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MH17: Foreign Affairs Minister Baird discusses airline tragedy, seeking justice

Foreign Affairs Minister John Baird says the parties responsible for the destruction of Malaysia Airlines Flight 17 and the loss of nearly 300 lives must be brought to justice.

Blair Gable/Reuters

Foreign Affairs Minister John Baird says the parties responsible for the destruction of Malaysia Airlines Flight 17 and the loss of nearly 300 lives must be brought to justice – and that will require a full and independent investigation by the international community.

Mr. Baird is in London this week to attend a conference about honour-based violence and forced marriage. He spoke to The Globe and Mail's Gloria Galloway on Sunday about the airline tragedy – and what should happen next.

You have called for a credible and unimpeded international investigation into the downing of Malaysia Airlines Flight 17. What did you mean by that?

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What's unacceptable is that even the most basic thing as the repatriation of the remains of departed souls is being impeded by the Russian-backed separatists, let alone the scene being tampered with, let alone even a question of whether the black boxes will be turned over. The European observers have not been able to have unimpeded access. This is unacceptable. We want, and I think the international community is demanding, a full and independent investigation into what happened. And that starts with access to the site. There is mounting evidence of exactly what happened and we need to bring even further clarity to that so that we can assign blame and hold those accountable for this tragedy accountable.

Is Canada playing a role in that, in helping to discern what happened or discussing with the international community about what should happen next?

I have been talking to a number of my counterparts and I have spoken to our embassies around the world, and staff have been talking to just about everyone. In the last 24 hours I have spoken to my Australian counterpart, my Dutch counterpart and my Malaysian counterpart. The Australians lost 28. The Dutch lost approximately 165 on the Malaysia Airlines flight. We are all horrified by what's happened. We want justice and there is a considerable amount of evidence building. But we want a full and independent investigation of this and obviously that cannot be undertaken by the Russian separatists in the Eastern Ukraine.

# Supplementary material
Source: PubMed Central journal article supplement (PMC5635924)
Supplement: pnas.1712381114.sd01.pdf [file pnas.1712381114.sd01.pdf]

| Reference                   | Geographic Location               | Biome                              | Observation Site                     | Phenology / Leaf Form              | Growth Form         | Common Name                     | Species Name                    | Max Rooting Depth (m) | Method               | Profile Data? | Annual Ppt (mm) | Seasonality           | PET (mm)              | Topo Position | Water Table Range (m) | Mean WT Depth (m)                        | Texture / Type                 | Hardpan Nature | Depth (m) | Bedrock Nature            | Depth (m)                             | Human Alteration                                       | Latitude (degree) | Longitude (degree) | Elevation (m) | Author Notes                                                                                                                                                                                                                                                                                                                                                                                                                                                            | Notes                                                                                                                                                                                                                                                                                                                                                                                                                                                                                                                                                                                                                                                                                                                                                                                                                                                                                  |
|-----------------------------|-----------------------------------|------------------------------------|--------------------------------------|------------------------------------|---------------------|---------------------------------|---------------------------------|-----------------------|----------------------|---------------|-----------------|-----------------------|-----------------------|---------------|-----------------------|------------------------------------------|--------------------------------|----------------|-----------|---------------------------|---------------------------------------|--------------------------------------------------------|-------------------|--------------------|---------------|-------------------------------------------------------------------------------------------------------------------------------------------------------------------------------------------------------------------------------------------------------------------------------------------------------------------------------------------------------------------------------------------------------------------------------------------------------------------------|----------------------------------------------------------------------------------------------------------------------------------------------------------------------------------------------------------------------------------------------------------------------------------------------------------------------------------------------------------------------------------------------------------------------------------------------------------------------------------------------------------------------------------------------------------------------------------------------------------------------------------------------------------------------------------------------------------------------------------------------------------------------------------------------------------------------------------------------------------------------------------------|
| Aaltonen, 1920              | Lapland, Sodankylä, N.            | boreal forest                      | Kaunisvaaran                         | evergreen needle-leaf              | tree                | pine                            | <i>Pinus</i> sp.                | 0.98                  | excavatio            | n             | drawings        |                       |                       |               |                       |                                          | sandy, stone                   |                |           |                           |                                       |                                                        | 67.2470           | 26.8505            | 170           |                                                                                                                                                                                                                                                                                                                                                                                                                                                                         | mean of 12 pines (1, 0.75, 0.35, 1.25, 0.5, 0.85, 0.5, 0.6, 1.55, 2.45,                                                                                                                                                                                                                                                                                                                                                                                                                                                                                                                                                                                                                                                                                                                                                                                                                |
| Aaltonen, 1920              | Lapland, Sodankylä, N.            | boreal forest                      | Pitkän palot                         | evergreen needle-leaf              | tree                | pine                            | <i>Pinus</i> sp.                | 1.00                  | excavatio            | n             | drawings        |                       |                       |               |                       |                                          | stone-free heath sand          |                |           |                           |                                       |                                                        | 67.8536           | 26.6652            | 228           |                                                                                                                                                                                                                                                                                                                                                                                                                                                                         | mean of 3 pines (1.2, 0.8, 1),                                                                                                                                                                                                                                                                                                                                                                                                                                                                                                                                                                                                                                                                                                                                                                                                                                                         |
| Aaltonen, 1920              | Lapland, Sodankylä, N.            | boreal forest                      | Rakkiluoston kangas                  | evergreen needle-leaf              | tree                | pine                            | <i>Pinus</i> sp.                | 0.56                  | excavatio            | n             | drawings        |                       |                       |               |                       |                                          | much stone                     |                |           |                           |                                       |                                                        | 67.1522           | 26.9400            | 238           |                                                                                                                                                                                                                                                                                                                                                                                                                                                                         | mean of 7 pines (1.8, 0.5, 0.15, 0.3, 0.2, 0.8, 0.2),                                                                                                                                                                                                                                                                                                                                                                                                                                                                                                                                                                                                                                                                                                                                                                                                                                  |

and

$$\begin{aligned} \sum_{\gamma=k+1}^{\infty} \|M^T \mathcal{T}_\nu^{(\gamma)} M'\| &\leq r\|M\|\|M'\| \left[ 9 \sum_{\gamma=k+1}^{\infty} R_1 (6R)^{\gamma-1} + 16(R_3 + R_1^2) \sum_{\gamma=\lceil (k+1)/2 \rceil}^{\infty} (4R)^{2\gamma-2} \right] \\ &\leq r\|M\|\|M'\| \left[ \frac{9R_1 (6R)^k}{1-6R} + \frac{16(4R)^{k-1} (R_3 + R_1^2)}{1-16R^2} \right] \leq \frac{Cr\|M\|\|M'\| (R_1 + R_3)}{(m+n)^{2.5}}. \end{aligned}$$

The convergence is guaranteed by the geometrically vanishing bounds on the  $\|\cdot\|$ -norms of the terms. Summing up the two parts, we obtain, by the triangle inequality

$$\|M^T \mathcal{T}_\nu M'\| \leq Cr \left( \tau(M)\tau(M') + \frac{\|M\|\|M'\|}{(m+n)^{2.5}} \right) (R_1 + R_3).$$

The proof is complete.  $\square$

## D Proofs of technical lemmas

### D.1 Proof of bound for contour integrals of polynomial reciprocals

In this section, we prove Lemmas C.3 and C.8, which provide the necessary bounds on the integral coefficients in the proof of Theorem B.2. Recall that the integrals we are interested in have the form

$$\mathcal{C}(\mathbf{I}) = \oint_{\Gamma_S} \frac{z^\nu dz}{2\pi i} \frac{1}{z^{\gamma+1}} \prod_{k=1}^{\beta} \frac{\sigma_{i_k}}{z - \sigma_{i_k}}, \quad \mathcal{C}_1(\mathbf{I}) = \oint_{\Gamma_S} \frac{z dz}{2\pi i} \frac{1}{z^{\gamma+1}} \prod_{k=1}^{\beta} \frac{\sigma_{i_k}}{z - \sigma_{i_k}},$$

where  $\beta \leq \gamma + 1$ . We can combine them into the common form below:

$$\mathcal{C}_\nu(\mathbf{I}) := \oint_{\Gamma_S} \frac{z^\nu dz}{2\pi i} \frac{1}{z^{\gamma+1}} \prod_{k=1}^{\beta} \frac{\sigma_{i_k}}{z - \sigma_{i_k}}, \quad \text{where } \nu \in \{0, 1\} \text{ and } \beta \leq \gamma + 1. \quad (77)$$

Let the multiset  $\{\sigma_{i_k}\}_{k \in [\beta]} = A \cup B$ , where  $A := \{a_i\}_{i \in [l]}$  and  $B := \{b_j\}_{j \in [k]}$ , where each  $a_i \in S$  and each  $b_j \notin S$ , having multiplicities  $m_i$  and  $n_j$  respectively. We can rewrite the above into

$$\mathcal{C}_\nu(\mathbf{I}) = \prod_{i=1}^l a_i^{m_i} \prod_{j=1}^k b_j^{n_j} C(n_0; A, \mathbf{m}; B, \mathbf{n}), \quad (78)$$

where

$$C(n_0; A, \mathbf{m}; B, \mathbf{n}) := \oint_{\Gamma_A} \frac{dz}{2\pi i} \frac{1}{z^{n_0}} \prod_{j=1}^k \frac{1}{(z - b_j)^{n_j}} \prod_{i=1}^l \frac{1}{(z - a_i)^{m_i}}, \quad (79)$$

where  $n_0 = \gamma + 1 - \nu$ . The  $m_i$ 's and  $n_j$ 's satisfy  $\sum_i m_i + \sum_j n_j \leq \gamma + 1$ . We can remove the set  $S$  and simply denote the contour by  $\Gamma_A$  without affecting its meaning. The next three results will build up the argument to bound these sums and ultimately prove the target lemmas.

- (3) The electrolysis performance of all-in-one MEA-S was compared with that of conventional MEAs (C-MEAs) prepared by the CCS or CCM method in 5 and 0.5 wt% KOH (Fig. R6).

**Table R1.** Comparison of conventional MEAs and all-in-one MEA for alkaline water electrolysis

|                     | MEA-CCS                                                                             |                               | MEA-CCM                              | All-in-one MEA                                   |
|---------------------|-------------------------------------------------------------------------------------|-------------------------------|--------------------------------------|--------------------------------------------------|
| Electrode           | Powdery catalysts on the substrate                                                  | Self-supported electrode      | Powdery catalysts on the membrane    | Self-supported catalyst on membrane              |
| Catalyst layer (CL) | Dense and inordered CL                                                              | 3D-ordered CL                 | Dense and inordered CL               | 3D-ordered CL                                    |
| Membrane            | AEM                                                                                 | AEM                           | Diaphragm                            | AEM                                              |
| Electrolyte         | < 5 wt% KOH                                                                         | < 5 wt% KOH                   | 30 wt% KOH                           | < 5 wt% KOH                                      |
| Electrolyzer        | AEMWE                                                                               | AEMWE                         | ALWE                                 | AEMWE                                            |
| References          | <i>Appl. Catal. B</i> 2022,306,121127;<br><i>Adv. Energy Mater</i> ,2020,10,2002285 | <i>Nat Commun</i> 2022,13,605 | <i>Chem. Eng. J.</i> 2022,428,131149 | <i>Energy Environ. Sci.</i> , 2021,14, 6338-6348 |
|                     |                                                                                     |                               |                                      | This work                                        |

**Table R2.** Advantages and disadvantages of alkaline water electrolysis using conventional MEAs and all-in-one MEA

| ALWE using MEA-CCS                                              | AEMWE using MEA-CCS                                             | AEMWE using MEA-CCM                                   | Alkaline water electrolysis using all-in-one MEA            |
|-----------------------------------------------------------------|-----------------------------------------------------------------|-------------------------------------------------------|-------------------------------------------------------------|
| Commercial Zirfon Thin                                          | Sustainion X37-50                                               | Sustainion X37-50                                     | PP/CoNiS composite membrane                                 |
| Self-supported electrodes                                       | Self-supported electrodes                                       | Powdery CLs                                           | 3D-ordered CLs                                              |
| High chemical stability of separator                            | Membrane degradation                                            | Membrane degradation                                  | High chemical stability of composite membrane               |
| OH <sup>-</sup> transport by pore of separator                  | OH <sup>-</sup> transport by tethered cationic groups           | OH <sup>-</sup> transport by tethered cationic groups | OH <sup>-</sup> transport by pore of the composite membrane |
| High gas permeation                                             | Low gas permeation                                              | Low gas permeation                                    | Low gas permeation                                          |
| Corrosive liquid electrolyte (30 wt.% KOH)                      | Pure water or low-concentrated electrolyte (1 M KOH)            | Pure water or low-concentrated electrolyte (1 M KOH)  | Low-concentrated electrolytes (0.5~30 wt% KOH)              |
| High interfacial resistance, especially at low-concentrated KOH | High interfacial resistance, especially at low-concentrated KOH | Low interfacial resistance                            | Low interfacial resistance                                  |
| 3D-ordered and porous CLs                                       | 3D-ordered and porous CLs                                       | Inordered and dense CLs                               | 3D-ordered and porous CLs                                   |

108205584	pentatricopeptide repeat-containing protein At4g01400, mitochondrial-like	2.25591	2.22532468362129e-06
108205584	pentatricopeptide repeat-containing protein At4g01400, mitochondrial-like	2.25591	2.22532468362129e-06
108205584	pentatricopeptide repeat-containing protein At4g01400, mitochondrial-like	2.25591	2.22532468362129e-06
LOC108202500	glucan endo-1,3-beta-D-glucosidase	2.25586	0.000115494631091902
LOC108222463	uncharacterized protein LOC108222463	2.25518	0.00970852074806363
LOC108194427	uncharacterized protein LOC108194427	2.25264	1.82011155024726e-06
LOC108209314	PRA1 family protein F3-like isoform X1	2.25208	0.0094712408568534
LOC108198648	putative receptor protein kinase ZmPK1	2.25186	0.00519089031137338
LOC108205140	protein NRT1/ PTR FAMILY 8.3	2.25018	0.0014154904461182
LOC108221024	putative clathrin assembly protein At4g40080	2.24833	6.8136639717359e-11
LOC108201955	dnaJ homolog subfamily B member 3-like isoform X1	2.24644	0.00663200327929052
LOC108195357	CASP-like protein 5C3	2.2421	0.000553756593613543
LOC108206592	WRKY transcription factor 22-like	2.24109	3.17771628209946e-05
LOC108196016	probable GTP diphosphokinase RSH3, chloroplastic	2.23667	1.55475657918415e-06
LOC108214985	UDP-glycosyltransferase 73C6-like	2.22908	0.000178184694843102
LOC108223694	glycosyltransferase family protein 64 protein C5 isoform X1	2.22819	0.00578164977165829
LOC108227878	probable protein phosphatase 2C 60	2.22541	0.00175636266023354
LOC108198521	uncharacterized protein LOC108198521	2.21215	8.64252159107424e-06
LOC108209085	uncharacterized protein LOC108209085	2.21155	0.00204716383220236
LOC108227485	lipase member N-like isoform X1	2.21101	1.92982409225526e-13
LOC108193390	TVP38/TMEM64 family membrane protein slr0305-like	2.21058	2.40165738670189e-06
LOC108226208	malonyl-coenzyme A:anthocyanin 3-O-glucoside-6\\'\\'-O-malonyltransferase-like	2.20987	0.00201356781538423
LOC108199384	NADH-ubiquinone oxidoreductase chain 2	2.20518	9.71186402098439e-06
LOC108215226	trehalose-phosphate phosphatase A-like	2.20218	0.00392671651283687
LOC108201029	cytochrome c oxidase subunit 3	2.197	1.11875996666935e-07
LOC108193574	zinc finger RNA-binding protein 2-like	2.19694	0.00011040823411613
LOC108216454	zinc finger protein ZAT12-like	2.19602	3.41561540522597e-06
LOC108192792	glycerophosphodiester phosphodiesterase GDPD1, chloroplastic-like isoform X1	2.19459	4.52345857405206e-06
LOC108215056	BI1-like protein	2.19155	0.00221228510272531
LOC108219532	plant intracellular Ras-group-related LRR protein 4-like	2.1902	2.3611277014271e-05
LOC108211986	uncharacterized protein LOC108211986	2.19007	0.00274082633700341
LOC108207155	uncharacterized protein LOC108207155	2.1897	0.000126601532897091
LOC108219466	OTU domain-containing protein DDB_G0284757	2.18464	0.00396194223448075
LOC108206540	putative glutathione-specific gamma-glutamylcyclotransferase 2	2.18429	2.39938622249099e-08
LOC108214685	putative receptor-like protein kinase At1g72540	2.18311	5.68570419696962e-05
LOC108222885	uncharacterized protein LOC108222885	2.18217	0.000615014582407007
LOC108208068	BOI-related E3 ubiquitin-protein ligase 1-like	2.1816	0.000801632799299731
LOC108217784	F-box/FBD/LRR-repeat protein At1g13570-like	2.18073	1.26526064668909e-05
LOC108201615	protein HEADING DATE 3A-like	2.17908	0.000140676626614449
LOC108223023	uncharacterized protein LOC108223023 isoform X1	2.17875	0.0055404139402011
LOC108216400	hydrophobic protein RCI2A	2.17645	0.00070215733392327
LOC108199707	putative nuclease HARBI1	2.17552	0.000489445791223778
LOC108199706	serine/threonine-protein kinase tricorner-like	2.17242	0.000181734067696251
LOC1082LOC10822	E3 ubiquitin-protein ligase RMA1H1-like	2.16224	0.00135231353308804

Have you given any thought to what justice would mean in this case?

It can start with Malaysia. It can start with ICAO (the International Civil Aviation Organization), the UN agency headquartered in Montreal. And it can also start in the Ukraine. There is technical, intelligence, social media and other evidence that is pointing in the same direction. We want even further clarity on that. Obviously the intent can be deliberate. But it also could be through negligence and through recklessness.

You say you have been talking to your counterparts around the world about this tragedy. What has been their reaction?

You look at the Netherlands, a key western ally of Canada with a demonstrably smaller population, having lost approximately 165 people. I can only imagine what would have happened had [the] flight departed from Toronto and we had lost 165 Canadians. We lost one Canadian, which was horrifying for his friends and family and for the country, let alone 165 from one country. Twenty-eight from Australia … Obviously the No. 1 priority, urgently, is the dignified repatriation of the remains. The fact that the Russian Federation appears to be unwilling to call for, and assist that, is troubling. The fact that the crime scene – and this is a crime scene – is being disturbed is another urgent concern. We are joining Australia, the Netherlands and Malaysia in calling for a full and independent investigation into what happened immediately. And there is no acceptable argument against that. The security and safety of civil aviation is paramount and, frankly, there must be justice brought to bear on those who are responsible for this and those who have aided and abetted it.

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This interview has been edited and condensed.

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About the Author
Parliamentary reporter

Gloria Galloway has been a journalist for almost 30 years. She worked at the Windsor Star, the Hamilton Spectator, the National Post, the Canadian Press and a number of small newspapers before being hired by The Globe and Mail as deputy national editor in 2001. Gloria returned to reporting two years later and joined the Ottawa bureau in 2004. More

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